Cinema and the Underdog

On an underground video parlour and the life filmic

01 December, 2011

THE YOUNG MAN LOOKS AT THE CAMERA and points at two trees growing by a wall across the railway tracks. That’s where our video theatre used to be, he says in Mumbaiyya streetspeak. And this is where the entrance was ... (the camera pans to record the empty space, as if daring the viewer to imagine the demolished theatre back into existence). “Yeh hum log ka set-up tha. Idhar se entrance dikhaane ka. Magar raid ho raha hai toh back-side se jaane ka. Saamne se bhaagega toh idhar patri hai, bhai—mar jaayega.” (“If people ran out from the front entrance during a police raid, they could get killed because of the rail tracks,” read the subtitles, catching the gist of his monologue but little of its colour.)

The cops could come from that gali there, Sagai Raj elaborates. Or they might come from the other side. And all because he is showing films without a government permit. But what’s wrong with charging `5 for a full-length Tamil movie? How would someone who earns `50 a day take his family to a regular theatre at `80 per ticket?

Though the streets depicted in Jagannathan Krishnan’s Videokaaran—a new documentary about the world of underground video parlours—are those of a modern metropolis, the typical view is that from inside a moving autorickshaw as slums race past outside and the soundtrack plays a fragment of one of those shrill, tuneless songs (with lyrics like “Na koi chhota, na koi bada hai”) that were a paisa a dozen in the 1980s; the auto might as well be a time machine. This energetic film details a world that urban multiplex-goers—even the ones who are serious movie buffs—know very little about. It’s a story about the many ways in which underprivileged people watch and relate to movies, and how their lives and personalities are moulded by their cinematic adventures.

Videokaaran encourages us to think about what a video theatre might mean to people who don’t even have electricity in their village—wouldn’t it be like a magic show, comparable to the bioscopes of a hundred years ago? But there’s nothing abstract or impersonal about this film—it places the viewer right amidst its characters, with the handheld camera darting from one face to the next, mimicking the eyes of an outsider who has been taken into confidence. Scenes shot in ghostly nightlight add to the feeling of intimacy, creating the sense that Krishnan and his team spent a great deal of time with their subjects—and, indeed, this 73-minute film was culled from dozens of hours of footage of conversations.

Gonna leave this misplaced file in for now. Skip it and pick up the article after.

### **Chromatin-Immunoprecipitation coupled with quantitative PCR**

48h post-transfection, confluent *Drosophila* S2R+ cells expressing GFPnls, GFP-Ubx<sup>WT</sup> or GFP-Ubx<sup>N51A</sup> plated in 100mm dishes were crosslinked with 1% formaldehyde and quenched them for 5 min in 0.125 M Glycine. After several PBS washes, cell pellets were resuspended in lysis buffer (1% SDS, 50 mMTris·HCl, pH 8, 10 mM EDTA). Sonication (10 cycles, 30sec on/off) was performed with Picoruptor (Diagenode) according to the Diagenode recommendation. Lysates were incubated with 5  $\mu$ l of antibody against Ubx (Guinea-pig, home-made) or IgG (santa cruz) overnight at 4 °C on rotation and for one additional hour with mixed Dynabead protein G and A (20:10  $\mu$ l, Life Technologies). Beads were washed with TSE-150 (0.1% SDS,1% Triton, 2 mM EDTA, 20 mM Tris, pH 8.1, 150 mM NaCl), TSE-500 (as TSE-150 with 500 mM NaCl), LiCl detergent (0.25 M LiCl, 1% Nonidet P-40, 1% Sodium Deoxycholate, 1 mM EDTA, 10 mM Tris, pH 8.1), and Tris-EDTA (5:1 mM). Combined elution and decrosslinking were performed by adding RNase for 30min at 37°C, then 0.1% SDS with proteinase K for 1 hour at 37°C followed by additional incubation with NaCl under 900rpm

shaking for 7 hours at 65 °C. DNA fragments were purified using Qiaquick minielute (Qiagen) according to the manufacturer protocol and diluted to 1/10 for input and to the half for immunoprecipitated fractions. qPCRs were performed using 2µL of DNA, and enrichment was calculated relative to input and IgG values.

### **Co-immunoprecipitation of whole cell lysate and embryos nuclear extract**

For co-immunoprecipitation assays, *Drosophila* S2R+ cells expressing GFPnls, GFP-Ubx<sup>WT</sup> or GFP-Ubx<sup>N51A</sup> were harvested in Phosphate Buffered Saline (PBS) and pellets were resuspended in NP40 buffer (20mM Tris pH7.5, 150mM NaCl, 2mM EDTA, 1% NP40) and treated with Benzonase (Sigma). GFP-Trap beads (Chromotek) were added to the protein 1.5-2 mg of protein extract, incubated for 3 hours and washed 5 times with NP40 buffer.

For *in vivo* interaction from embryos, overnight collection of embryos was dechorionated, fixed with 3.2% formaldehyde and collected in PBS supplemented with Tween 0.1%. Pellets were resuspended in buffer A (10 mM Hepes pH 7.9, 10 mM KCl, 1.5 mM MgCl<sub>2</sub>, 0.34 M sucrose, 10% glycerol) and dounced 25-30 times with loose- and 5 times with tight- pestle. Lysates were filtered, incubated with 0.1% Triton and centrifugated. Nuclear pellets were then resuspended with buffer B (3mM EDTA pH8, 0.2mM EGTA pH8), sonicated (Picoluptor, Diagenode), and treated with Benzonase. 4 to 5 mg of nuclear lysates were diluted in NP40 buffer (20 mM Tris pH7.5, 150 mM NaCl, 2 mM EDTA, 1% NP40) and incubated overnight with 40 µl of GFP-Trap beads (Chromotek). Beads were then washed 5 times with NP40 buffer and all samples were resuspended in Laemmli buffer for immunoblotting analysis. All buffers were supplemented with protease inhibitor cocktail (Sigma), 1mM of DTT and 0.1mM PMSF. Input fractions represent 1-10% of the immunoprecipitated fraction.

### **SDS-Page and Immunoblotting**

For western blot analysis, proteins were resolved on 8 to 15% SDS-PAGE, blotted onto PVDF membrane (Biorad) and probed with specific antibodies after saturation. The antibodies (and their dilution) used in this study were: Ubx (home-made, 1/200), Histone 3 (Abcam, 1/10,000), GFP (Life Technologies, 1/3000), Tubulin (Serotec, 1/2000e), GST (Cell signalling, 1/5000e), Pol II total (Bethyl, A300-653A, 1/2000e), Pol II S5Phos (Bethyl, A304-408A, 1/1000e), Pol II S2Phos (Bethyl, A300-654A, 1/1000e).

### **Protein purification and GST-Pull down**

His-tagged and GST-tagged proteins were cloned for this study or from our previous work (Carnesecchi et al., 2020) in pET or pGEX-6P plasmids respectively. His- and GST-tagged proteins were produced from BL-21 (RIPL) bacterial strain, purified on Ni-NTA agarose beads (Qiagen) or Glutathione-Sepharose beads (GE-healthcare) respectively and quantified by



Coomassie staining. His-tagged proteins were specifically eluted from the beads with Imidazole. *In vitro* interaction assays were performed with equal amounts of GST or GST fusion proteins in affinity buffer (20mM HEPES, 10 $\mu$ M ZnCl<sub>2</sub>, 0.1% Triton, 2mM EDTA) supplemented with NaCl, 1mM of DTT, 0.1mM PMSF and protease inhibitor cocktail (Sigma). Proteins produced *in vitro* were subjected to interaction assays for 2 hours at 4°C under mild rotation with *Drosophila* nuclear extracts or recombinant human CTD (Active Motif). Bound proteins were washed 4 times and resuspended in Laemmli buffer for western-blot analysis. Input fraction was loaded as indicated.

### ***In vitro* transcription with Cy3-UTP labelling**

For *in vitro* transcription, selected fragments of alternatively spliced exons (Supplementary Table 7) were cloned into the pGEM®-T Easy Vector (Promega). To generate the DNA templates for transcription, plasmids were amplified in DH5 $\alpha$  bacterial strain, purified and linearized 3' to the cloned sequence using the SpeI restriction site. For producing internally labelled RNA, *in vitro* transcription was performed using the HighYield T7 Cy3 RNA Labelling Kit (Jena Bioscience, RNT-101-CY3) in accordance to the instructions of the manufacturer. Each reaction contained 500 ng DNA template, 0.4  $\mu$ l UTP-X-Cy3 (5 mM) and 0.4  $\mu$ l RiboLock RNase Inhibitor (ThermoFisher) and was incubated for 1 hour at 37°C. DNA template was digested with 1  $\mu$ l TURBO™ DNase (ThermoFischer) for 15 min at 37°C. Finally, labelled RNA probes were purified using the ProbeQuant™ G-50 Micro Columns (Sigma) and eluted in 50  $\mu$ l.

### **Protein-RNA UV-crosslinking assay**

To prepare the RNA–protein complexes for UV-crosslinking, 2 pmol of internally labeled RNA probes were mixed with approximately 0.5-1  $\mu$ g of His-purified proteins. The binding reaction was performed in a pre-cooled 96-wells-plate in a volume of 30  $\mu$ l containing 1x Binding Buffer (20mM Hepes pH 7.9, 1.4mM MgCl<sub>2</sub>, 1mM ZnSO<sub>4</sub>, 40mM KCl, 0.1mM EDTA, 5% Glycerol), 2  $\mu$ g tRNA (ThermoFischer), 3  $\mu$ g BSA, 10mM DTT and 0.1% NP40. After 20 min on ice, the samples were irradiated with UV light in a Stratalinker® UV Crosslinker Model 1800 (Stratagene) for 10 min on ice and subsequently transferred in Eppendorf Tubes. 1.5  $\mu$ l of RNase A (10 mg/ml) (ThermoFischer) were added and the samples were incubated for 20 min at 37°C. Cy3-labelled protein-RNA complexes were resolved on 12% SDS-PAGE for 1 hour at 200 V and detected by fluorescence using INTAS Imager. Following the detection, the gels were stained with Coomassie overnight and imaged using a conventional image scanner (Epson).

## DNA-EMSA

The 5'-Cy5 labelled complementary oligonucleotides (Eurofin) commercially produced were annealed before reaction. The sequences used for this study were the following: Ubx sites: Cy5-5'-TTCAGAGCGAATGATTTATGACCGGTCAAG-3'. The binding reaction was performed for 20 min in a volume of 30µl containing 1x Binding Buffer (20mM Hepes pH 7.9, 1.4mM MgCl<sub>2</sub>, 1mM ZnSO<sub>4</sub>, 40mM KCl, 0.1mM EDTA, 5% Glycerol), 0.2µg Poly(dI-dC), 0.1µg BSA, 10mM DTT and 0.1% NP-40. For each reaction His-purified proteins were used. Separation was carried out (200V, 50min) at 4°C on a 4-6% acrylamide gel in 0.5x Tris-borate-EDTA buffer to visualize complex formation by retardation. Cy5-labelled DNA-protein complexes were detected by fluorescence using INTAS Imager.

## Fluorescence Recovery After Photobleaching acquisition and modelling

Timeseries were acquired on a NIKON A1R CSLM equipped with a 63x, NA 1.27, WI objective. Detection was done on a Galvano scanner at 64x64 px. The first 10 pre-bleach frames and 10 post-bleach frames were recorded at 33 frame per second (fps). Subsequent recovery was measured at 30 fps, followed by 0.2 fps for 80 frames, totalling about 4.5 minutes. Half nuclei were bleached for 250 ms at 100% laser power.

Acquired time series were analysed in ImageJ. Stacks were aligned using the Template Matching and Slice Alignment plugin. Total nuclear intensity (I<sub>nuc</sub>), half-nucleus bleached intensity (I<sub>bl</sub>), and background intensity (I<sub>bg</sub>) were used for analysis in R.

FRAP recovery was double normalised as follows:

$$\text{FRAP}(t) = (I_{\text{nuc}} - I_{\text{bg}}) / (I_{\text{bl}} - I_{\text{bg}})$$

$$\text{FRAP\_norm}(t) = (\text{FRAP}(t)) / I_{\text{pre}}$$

Its beating heart is one of the most compelling “heroes” you could hope to see in a well-scripted fictional feature, much less a documentary. Sagai is part philosophising raconteur, part giggling sociopath, a street savant with a hint of vulnerability. His laugh, an endearing mix of nervousness, brashness and a genuine desire to please, resembles a neigh, and he is capable of holding forth on just about any subject. When we first see him in a grainy night shot, he is sombrely explaining, “My connection with cinema is through Rajinikanth.” But soon the anecdotes proliferate. He relates stories about smuggling a stack of pirated DVDs by passing the package off as a “Mother Mary statue” and placing it in the luggage of his brother, a well-dressed man whom the police wouldn’t suspect. He says, “Mere ko cannibals bahut pasand hai (I love cannibals a lot)” as a horror film plays on the screen. Porn isn’t bad for society, he explains, because watching a blue film can help a man read women accurately.

It’s possible to wonder if Sagai is too colourful a protagonist—his presence turns Videokaaran into a study of a single person. But there’s something apt about the fact that this man of the streets has that indefinable thing called “star quality”, for part of the point is that Sagai is largely a construct of the movies he loves. In much of what he says, one sees the self-mythologising process at work. My birth father was a don, a criminal, he reveals at one point. Gory films seem childish to him because he’s seen far worse in real life. (When they showed The Passion of the Christ, he says everyone else ran out but he sat and watched it coolly.) Sagai analyses the behaviour of policemen, and studies people so closely that “even when I look at a shadow I know who it is. When we were screening films we had to monitor the audience and be alert all the time.” He and his friends have been so influenced by movie stars that they are already natural performers—the swagger and the smart lines come easily to them.